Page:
The World of Furmins: the Art of Mikko Eerola - Part 1

The World of Furmins: the Art of Mikko Eerola - Part 1

2012 Housemarque

Our exploration into the world of Furmins, Housemarque Games’ first entry into the iOS market and currently one of the app world’s most entertaining games, continues in an interview with Mikko Eerola, the game’s Lead Artist. Renowned for his work on Outland, Mikko’s influence can be found in all aspects of Furmins, from the main characters’ undeniable cuddliness to the game’s rich, immersive backgrounds. He recently sat down with us to talk art style, character design and the origins of mysterious “bird”.

The Furmins world is built around the main story: the king falls asleep on the river and the river rises up, causing problems for the Furmins themselves. I wanted to reflect how this action changes the environment throughout the story. For example, in the second world (“Homelands”), you see the result of the river drying up – the world looks more yellowish because the leaves are turning yellow.


This is a progressive theme which continues throughout the game – as you move through the levels, you can see the leaves change color and eventually drop since the trees are starting to die.
From the beginning I wanted to consistently show the goal of Furmins which is the mountain, and its summit. For example, there is a stone archway in world three, which you can already see from this sort of keyhole view from world two. Also, when you get to level four (“Fields of Furminia”), you can see that you’re out of the woods, and thus have a better view of the world, and your objective. On a separate note, you can see in level five that it’s slowly turning to night, which is another way to show progress in the game.


You decided to show the change from day to night in order to illustrate time passing, correct?

Correct. Also, there’s a “color rhythm” that I wanted to do with the game, so that the player is not in “warm tone” levels three times in a row. For example, there is a switch from level five to level six, where the main colors go from cold to warm. Creating this kind of diversity is a difficult thing, because one level will always be cut and you never know which one it will be – and so unless you plan for it, you’re going to end up with levels that are repetitive in terms of colors. That’s why the colors for the game were edited until the last possible minute to keep the overall game’s visuals balanced. Also, thanks to our skillful coders, we ended up with twice the amount of worlds than what we had initially planned. Naturally my workload doubled but I was glad I could fit the entire journey of the Furmins into the game.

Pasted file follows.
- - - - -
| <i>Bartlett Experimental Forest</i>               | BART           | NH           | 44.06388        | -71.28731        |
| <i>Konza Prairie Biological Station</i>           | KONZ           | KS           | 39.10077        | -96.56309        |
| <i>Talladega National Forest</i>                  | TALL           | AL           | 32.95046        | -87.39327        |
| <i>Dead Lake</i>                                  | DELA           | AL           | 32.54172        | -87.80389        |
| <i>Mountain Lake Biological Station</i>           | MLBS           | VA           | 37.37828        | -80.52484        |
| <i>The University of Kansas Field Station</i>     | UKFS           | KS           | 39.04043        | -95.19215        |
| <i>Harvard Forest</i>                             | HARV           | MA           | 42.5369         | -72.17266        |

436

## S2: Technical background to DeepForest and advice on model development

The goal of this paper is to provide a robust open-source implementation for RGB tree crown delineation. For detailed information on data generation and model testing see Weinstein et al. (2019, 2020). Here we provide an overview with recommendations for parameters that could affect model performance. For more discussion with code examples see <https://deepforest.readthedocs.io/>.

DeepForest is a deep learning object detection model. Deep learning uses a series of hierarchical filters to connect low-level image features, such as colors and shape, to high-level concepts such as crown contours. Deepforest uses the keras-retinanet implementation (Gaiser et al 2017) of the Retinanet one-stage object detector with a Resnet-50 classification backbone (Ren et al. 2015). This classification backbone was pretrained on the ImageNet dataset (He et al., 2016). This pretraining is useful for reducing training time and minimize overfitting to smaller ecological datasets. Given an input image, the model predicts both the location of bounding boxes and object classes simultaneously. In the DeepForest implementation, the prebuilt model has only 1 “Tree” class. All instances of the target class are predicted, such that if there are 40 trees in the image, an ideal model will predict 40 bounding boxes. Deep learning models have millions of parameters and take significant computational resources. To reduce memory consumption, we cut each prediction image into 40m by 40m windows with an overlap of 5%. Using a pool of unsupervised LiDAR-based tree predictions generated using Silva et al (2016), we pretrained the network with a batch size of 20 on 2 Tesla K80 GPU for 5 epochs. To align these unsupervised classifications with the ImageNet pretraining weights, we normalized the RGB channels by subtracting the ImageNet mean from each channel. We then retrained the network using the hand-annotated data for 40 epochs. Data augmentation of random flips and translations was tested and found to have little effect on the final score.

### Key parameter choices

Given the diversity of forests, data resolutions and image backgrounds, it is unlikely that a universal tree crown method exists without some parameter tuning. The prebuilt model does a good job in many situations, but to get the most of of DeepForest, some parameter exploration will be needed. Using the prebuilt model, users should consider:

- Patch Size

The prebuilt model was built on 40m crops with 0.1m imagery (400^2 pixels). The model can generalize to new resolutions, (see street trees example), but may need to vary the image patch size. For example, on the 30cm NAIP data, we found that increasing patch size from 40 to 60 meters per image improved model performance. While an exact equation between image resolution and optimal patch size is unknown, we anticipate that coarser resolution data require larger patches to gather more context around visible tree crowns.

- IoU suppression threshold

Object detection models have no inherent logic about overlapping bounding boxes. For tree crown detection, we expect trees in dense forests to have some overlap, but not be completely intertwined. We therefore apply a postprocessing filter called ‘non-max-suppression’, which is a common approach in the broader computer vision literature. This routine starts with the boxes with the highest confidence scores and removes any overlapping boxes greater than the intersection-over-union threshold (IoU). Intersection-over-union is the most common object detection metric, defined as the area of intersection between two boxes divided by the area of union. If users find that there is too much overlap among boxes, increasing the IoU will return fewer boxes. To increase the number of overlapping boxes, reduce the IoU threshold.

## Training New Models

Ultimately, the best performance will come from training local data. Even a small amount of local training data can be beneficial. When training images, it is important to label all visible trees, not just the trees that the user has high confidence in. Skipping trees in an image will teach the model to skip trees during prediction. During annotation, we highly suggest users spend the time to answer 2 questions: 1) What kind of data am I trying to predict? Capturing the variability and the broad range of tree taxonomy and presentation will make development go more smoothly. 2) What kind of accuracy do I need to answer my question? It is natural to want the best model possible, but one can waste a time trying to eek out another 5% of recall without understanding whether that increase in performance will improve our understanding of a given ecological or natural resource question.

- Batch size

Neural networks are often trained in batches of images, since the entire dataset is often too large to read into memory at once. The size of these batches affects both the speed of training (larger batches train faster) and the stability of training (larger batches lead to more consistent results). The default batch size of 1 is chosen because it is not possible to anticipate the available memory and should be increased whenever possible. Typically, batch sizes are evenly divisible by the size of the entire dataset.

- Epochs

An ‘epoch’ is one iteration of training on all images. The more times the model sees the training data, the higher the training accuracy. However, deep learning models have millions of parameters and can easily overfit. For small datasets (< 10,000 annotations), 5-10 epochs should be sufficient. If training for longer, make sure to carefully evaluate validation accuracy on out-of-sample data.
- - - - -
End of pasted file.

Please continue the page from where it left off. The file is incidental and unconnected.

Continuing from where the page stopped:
On the subject of time passing, I should point out that in level six you can see the trees have gone completely red, and so at this point the most time has passed in the game.

Level eight is thematically different from the others. Tell us about it.

We call level eight “Cosmic Adventures” because there are several themes in the game, one of which is for the Furmins to get to higher ground. Since the last level of the game is the summit of the mountain, the idea is that should you continue going higher, you’ll eventually get to space.

So this level isn’t really connected to the storyline. It’s more a case of, “let’s try some game play things that we couldn’t fit anywhere else”.



What about the bonus level?

For the bonus level, I wanted to show that after you reach the summit and win the game, things aren’t dry anymore. It’s a level that logically takes place after playing through level six, so you can see the results of your efforts. You last see the ground in level two, and after that you just climb higher and higher. The bonus level was meant to communicate your trip back home, with the marble ruins in the background reminding the player that the journey was the real goal.


Want more? Stay tuned for Part 2…


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